B.V: I’ve done a couple hundred reissue CDs over the years and one on Chuck Higgins for Specialty Records and I included of course “Pachuko Hop.” I looked him up in the union and found him and interviewed for the liner notes and found out he went on to teach music at a local college here. He wasn’t much of a sax player in terms of skill, he could never be a bebopper for sure but he played with a lot of feeling.

B.K: Kind of from that “honkers” and “shouters” era. There was also a great version with big band – I don’t know where you found that.
B.V: That was Ike Carpenter. Carpenter is sort of an unsung hero. I really dug deep to find as many records as I could on him. He was a big Duke Ellington fan apparently because he recorded a lot of Duke’s songs in his early years. Duke is my number one or two heroes. Ike is one of the few who recorded Duke Ellington songs and got the real feeling. He got the harmonies right and really captured that Ellington feel.

B.K: You did three albums with Lou Rawls?
B.V: I did four. We had a great time. That came about also through Capitol. Bruce Lundvall was running Blue Note Records by that time a subsidiary of Capitol. He and my friend Michael Cuscuna who is one of the all time great jazz producers thought I may be able to help when Bruce signed Lou to Blue Note. Up until that time Lou was making a lot of what we call “Vegas style disco albums,” trying to recapture the Gamble & Huff era and not doing a very good job of it. His record sales were dismal. Bruce’s idea was let’s take him back to when people fell in love with Lou Rawls in the beginning; back to his jazz and blues roots and have him record some of my songs too. Michael and I made a good team. Each of us has different skills. Michael knows all of the great musicians so we were able to use some wonderful people; Richard T, Cornell Dupree, Fathead Newman, and George Benson. I’m good at song selection – working with singers and musicians to get the most out of them. It was a really good team.

The first album we did with Lou, “At Last” went to #1 on the jazz charts. We then did two more for Blue Note using a lot of the same people and they were all top five albums. Lou and Blue Note went their separate ways and about five years later his manager calls me up and says he can’t get Lou a record deal and I said, “You’re kidding?”  He said, they just want kids - no one his age. I thought that was nuts. He asked if I had any ideas.  I’m not above using a gimmick, sometimes two names is better than one so I said, what about “old brown eyes sings old blue eyes?” Lou Rawls sings Sinatra. He ran with the idea and still couldn’t get a deal.

It was at a time I was doing a lot of reissue work for old Savoy Records a jazz label and sounded them about it and they said yes. Then I came up an idea and presented to Lou – if the record company is going to pay for this album – you are going to make a small percentage if and when they recoup their investment. I said what if you pay for the album, you own the album and license to Savoy. That way if we record “Come Fly with Me” and American Airlines doesn’t want to pay for the Sinatra version they can get the Lou Rawls version for a lot less and then you can make all that extra money. He thought that was a good idea.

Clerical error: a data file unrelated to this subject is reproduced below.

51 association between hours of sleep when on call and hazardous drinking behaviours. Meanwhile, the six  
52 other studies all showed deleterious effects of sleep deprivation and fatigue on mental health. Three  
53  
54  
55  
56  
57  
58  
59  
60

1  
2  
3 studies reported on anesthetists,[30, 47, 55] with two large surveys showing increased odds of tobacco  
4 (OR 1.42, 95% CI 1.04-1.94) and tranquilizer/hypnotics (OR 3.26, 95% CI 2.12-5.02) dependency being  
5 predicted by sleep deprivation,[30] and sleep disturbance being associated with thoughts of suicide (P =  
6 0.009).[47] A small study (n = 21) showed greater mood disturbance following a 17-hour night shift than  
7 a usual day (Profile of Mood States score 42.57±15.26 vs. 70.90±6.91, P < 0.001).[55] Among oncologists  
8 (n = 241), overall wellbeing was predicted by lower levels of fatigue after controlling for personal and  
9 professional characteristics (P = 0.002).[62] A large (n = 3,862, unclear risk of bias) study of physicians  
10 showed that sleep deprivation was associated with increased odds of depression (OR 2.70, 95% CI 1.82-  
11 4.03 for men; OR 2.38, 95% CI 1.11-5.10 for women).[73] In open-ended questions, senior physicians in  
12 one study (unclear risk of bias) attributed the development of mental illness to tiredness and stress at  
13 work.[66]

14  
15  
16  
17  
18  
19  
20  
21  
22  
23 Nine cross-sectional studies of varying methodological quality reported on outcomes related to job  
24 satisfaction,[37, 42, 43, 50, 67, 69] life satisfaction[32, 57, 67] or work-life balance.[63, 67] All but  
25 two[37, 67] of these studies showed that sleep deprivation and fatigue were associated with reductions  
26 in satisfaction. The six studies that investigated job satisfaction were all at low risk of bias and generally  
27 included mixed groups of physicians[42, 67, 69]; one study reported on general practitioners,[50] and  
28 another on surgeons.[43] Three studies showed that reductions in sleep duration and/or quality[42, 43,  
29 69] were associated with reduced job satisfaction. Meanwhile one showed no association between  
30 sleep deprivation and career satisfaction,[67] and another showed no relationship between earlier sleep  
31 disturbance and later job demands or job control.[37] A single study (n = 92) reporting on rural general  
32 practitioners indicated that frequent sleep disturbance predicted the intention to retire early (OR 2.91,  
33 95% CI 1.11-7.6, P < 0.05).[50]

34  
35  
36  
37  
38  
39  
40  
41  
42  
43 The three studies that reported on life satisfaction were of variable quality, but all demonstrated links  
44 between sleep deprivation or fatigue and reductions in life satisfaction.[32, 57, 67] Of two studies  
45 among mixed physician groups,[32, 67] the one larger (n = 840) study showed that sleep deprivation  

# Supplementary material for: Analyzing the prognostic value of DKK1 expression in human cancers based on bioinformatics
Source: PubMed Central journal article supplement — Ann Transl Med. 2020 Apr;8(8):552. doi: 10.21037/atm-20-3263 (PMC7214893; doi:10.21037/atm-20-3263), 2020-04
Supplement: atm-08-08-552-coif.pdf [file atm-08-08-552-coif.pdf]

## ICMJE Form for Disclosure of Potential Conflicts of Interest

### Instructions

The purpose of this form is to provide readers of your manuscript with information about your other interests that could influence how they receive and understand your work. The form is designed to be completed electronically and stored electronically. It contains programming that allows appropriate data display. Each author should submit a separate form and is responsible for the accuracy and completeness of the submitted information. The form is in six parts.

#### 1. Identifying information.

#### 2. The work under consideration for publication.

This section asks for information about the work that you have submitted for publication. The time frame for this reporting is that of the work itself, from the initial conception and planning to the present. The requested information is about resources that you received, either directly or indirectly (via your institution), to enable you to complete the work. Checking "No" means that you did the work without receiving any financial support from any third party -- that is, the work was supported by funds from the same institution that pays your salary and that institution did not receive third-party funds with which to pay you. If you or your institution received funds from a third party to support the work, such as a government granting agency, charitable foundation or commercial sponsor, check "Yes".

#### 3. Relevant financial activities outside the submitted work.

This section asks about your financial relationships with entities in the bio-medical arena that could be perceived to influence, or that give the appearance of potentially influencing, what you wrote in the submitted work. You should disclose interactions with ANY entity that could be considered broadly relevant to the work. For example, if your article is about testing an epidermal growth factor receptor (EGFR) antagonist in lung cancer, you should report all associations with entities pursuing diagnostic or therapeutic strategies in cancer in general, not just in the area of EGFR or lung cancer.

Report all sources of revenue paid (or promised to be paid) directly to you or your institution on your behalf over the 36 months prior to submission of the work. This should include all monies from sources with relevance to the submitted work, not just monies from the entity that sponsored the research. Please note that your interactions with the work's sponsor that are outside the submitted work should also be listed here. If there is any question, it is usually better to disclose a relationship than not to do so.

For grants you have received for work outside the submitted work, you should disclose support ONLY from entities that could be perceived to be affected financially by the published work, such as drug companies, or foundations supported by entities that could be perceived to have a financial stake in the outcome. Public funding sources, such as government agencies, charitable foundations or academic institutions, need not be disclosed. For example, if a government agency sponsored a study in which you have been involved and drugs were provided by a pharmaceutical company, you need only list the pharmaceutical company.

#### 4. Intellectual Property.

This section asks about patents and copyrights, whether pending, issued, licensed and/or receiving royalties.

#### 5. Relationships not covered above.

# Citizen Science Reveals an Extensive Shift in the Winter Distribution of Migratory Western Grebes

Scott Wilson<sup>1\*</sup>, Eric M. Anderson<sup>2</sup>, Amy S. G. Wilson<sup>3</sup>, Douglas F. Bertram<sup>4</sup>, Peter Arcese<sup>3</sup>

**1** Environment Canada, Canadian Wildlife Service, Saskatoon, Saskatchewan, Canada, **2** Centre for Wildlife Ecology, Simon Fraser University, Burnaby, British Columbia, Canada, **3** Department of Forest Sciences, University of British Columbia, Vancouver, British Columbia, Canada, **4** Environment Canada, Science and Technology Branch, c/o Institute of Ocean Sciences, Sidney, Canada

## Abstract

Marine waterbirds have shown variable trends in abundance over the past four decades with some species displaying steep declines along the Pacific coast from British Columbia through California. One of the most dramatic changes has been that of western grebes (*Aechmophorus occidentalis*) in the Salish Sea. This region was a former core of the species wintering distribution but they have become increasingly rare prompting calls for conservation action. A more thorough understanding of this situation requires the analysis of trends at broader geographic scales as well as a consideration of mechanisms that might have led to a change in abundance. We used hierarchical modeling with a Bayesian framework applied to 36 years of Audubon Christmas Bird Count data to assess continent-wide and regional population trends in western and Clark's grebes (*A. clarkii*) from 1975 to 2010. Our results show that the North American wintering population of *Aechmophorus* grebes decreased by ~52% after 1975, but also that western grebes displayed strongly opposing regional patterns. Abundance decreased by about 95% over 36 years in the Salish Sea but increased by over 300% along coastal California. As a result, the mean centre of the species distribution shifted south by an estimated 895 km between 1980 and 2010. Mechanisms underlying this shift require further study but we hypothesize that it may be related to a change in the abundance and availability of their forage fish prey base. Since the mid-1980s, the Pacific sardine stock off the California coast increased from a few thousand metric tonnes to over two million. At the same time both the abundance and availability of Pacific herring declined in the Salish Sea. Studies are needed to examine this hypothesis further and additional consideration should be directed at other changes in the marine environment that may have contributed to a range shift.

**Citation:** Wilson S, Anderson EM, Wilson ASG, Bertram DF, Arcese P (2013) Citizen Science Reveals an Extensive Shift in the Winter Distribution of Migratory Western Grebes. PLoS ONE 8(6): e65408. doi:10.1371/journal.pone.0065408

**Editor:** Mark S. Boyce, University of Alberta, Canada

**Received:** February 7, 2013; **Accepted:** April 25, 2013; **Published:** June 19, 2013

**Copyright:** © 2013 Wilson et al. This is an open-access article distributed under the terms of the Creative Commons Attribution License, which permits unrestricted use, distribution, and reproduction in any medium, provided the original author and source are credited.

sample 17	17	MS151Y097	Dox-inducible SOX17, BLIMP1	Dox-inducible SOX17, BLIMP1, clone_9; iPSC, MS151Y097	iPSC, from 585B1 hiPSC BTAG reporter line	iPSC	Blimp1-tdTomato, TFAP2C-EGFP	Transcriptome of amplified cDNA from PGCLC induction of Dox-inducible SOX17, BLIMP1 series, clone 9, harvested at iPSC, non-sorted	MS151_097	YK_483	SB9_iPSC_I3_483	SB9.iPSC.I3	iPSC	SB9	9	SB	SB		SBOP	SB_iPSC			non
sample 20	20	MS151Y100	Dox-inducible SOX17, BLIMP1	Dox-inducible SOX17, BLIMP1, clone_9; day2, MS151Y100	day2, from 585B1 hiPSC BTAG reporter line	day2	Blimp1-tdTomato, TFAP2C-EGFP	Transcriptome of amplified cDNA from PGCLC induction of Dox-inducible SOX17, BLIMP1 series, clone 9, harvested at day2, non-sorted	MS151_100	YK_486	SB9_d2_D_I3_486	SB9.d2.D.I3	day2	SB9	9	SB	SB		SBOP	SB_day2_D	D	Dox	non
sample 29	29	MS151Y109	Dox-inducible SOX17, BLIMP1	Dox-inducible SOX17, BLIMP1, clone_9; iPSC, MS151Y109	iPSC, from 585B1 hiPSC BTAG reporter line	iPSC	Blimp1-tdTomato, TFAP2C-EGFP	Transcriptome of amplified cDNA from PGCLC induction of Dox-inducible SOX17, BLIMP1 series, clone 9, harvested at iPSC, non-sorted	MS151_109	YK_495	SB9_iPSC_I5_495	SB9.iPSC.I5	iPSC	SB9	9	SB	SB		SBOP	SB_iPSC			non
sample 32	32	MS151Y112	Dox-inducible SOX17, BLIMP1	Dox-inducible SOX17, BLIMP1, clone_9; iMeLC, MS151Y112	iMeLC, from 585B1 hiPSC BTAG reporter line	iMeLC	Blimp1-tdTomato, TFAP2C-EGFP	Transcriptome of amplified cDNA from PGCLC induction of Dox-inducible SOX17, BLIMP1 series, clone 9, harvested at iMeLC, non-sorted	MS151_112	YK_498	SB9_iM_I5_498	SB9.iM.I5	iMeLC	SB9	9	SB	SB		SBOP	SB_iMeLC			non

Lou financed the album. We went into Capitol’s big studio A where Sinatra, Dean Martin, Nancy Wilson and Nat Cole made all of those classics. Even with Savoy’s not great promotion skills the album remained on the jazz charts six months. Lou died not long after that.

B.K: Billy and the Beaters.
B.V: Still working the Beaters in southern California when we can. I also do gigs with the big band and having a ball with that. It’s a big eighteen piece band. I have some of the finest jazz players in L.A. willing to play for the miniscule money I get.

B.K: You must feel the radical technological shift – the dwindling dollars in CD sales – the streaming?
B.V: I do sell online with iTunes. It depends on the style of music you’re selling. I think for teenage music they don’t care about CDs or albums but a lot are becoming interested in vinyl again. My audience is older and wants something they can hold in their hands – read the liner notes etc.

B.K: Through all of the years working with singers and you being a terrific singer yourself and come across a voice with great potential what advice do you give them?
B.V: The most important thing is to believe them when they sing. You get a guy like old blues singer Jimmy Reed who had a range of about six notes you believed every word he sang. In that sense he was a great singer. He didn’t have the power of a Patti LaBelle or Aretha Franklin but he had that believability – that soul, that feeling – the ability to express emotion without sounding phony.